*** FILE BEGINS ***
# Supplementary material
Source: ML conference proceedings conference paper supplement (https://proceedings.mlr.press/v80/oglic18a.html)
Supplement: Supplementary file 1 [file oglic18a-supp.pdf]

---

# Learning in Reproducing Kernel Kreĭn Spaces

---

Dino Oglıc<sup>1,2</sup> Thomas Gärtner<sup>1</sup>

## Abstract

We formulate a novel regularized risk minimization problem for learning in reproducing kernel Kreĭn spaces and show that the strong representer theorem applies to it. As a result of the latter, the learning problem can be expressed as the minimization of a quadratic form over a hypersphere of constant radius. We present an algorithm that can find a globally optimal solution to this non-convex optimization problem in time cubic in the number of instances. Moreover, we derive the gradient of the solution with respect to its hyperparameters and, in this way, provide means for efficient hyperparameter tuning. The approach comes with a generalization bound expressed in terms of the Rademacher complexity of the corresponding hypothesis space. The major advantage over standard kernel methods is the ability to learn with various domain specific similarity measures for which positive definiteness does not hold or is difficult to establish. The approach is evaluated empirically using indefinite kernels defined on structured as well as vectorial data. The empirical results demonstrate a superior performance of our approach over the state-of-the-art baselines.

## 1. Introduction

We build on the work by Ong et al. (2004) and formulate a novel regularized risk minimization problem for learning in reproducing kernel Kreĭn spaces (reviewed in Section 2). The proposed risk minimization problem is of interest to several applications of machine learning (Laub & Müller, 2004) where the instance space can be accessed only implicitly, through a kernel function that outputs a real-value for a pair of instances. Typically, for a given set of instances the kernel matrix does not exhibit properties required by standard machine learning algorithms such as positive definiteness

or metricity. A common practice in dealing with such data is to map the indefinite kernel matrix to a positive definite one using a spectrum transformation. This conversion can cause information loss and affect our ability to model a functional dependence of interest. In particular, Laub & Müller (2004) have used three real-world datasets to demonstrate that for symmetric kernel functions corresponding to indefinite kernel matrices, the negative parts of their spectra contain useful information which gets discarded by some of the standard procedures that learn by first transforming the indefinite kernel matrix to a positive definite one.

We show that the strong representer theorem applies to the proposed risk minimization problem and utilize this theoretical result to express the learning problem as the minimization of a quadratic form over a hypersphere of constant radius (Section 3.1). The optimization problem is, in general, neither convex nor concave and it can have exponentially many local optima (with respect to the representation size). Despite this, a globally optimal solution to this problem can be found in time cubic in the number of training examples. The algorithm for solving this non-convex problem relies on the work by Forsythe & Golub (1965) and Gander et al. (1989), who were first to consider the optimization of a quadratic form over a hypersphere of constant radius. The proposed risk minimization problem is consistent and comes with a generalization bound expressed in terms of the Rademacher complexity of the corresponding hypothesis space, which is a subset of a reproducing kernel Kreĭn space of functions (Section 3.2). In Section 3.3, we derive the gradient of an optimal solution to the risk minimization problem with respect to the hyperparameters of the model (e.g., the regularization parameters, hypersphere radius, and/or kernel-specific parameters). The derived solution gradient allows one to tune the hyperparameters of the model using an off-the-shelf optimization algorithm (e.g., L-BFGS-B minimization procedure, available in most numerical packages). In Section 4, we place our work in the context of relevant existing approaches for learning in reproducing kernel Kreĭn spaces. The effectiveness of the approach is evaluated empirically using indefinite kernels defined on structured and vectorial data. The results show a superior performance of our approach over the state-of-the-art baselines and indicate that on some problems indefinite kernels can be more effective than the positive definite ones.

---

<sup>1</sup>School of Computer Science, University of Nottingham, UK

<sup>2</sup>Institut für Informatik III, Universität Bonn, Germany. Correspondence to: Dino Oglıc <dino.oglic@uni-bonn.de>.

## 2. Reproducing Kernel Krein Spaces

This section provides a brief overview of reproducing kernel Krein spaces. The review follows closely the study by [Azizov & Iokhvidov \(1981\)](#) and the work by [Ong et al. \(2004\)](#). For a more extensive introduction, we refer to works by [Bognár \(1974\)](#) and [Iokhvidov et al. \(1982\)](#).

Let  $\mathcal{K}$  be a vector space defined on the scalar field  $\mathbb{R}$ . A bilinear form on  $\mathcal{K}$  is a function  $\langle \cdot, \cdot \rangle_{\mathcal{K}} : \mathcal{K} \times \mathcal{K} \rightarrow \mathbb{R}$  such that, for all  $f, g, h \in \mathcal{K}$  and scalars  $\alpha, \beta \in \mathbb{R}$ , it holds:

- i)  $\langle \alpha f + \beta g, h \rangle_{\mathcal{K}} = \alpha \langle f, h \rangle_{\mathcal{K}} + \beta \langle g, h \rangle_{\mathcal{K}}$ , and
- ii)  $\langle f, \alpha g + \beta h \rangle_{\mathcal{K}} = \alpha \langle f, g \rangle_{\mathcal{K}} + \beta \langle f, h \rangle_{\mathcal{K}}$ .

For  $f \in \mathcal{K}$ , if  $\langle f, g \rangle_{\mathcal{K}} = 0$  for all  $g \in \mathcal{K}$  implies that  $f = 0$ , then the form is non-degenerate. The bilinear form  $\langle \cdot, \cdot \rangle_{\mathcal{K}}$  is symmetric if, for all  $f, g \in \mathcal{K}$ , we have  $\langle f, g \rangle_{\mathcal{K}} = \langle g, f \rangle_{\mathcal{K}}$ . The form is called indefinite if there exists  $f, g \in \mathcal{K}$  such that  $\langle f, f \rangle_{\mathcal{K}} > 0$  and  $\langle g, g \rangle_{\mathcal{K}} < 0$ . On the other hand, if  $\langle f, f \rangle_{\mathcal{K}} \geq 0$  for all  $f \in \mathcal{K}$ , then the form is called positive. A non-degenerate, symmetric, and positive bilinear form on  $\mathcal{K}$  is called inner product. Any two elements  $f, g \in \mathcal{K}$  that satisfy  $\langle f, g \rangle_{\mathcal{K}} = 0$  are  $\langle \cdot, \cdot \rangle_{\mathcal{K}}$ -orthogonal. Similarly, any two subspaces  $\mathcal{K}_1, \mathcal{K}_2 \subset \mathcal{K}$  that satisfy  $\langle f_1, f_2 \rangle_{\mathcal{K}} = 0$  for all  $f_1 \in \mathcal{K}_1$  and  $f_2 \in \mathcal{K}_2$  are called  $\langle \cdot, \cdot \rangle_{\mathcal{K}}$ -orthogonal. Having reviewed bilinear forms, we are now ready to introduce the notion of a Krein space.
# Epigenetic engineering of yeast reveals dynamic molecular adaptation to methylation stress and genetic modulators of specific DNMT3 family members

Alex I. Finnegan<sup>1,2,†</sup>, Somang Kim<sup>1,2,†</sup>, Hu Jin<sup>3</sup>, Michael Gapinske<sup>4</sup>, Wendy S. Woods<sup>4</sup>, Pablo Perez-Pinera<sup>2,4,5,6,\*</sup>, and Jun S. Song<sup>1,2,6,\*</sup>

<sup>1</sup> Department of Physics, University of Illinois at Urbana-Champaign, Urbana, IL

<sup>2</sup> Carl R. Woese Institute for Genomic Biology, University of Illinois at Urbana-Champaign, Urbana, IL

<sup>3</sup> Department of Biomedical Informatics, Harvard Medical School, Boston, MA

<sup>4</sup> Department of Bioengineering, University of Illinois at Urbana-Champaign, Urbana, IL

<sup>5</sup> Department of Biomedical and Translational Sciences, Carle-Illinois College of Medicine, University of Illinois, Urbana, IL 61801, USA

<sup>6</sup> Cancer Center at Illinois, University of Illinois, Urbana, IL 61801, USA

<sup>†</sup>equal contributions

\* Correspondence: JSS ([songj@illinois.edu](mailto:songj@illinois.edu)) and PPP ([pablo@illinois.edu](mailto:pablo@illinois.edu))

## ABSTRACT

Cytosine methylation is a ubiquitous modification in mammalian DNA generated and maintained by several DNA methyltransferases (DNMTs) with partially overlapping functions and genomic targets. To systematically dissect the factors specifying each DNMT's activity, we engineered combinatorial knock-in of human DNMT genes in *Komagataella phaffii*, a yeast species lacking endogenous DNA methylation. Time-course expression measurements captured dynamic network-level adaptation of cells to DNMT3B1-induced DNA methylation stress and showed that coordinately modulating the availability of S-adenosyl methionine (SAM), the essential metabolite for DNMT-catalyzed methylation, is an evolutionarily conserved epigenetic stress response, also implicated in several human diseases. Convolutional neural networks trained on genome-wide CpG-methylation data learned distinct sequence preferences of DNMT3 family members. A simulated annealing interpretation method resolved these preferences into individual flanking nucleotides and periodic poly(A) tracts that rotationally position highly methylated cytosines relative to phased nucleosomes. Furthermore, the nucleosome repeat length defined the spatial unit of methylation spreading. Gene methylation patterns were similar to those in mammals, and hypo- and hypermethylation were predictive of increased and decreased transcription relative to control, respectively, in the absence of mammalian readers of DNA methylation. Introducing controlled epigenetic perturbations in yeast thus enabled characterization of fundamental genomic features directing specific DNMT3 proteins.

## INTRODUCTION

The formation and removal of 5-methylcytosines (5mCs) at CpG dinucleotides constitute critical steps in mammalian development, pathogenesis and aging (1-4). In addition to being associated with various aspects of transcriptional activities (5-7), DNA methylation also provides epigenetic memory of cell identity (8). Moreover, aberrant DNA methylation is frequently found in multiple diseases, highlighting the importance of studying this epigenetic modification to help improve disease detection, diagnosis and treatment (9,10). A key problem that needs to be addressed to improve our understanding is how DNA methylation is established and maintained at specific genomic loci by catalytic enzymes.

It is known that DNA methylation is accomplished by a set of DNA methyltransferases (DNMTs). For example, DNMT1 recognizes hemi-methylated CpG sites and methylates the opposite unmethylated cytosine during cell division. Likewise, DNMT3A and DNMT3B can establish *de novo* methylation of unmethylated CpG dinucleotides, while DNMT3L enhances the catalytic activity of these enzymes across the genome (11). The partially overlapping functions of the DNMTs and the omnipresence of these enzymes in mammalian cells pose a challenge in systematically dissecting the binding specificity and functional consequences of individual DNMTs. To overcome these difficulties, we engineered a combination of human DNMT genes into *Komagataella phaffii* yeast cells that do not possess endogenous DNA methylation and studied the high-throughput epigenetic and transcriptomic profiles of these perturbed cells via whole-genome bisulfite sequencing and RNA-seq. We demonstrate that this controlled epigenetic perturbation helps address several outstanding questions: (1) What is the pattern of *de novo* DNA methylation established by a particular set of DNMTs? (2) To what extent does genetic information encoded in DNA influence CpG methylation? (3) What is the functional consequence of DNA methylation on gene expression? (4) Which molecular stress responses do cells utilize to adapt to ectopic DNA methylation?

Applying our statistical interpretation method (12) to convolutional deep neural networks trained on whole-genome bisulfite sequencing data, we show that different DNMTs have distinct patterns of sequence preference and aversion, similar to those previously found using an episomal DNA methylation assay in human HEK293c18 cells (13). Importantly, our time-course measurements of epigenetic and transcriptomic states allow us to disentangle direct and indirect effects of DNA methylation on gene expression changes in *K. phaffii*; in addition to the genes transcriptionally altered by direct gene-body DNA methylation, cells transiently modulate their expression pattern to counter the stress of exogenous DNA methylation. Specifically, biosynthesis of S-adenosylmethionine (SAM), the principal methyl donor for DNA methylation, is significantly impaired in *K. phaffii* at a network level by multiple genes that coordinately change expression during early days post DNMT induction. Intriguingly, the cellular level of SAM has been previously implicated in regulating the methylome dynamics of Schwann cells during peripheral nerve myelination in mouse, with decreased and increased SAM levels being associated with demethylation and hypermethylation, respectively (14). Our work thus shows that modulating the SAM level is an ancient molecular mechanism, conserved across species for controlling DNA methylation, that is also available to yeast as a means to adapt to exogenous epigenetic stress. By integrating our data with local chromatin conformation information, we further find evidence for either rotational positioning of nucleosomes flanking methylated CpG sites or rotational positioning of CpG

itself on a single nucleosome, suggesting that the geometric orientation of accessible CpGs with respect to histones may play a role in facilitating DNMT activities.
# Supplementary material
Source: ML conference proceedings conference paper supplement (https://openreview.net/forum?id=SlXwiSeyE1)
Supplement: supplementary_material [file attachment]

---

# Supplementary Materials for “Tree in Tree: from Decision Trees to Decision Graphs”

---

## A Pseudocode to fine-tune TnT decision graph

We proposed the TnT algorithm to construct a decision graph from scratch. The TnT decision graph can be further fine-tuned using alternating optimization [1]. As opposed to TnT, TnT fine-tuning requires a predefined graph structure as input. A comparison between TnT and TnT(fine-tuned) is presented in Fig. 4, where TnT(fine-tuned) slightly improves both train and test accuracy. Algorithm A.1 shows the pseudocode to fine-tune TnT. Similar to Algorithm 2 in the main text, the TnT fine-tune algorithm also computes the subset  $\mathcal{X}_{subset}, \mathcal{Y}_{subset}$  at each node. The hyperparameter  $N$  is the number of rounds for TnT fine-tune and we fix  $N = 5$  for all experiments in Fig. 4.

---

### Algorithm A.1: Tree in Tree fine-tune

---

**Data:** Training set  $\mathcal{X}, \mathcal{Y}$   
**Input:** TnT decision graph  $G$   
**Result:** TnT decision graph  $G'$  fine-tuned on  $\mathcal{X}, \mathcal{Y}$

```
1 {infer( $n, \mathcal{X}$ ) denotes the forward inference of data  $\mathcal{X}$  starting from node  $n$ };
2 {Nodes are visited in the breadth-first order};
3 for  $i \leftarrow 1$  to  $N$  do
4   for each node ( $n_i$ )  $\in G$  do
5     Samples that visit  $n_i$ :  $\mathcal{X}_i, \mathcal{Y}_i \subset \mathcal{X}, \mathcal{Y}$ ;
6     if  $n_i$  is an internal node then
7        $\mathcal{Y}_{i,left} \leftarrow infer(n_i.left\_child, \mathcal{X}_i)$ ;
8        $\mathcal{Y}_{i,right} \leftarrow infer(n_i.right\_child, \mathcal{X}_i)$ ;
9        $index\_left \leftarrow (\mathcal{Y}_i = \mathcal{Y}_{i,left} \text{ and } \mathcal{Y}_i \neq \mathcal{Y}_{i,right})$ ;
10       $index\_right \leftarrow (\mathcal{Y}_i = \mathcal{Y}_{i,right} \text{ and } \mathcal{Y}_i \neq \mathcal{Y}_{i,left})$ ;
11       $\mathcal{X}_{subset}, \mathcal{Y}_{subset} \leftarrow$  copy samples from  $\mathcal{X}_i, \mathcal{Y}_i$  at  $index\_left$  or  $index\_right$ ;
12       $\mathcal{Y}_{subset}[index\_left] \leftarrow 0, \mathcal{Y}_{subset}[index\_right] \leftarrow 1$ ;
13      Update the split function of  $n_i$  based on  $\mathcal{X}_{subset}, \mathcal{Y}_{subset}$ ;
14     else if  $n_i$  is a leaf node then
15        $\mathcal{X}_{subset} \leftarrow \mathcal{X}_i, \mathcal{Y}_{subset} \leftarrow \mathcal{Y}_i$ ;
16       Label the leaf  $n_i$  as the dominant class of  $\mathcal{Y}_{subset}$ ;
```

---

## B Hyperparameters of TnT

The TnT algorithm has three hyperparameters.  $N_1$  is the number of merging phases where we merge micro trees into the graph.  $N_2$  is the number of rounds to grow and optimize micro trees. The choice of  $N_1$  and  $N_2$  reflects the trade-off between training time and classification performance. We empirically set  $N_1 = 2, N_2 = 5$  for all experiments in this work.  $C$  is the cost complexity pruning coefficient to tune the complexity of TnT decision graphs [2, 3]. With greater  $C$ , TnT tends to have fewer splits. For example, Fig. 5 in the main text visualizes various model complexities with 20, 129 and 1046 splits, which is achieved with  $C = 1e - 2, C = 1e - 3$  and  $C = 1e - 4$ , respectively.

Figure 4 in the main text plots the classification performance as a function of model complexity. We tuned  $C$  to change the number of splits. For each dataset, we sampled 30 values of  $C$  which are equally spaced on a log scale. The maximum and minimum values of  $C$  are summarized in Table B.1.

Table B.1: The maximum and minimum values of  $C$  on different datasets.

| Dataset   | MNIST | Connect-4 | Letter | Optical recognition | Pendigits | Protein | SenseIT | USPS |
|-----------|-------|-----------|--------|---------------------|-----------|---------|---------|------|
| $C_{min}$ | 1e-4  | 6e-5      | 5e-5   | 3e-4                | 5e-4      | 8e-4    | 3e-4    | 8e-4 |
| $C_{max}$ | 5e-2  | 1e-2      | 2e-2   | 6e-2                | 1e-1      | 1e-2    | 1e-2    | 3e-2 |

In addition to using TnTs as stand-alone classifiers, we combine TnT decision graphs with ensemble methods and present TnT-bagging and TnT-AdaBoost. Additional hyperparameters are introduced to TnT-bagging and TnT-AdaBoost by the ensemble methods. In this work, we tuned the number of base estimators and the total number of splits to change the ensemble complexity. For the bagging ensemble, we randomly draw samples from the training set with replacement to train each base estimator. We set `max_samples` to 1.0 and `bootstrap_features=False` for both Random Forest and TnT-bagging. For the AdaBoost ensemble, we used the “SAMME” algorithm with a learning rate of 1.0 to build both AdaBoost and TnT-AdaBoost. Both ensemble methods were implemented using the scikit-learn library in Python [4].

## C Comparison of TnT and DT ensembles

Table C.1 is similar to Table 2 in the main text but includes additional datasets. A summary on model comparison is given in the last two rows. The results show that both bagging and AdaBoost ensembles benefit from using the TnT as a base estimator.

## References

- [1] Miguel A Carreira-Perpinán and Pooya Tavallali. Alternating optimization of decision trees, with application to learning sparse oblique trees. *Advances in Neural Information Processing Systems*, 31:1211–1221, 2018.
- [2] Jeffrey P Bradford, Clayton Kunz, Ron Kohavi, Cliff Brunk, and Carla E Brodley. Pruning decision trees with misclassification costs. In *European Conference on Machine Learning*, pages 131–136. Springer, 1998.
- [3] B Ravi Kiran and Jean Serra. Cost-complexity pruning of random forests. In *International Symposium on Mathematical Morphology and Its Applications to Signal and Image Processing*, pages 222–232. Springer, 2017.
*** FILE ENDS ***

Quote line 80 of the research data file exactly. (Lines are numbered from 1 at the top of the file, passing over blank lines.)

| $C_{max}$ | 5e-2  | 1e-2      | 2e-2   | 6e-2                | 1e-1      | 1e-2    | 1e-2    | 3e-2 |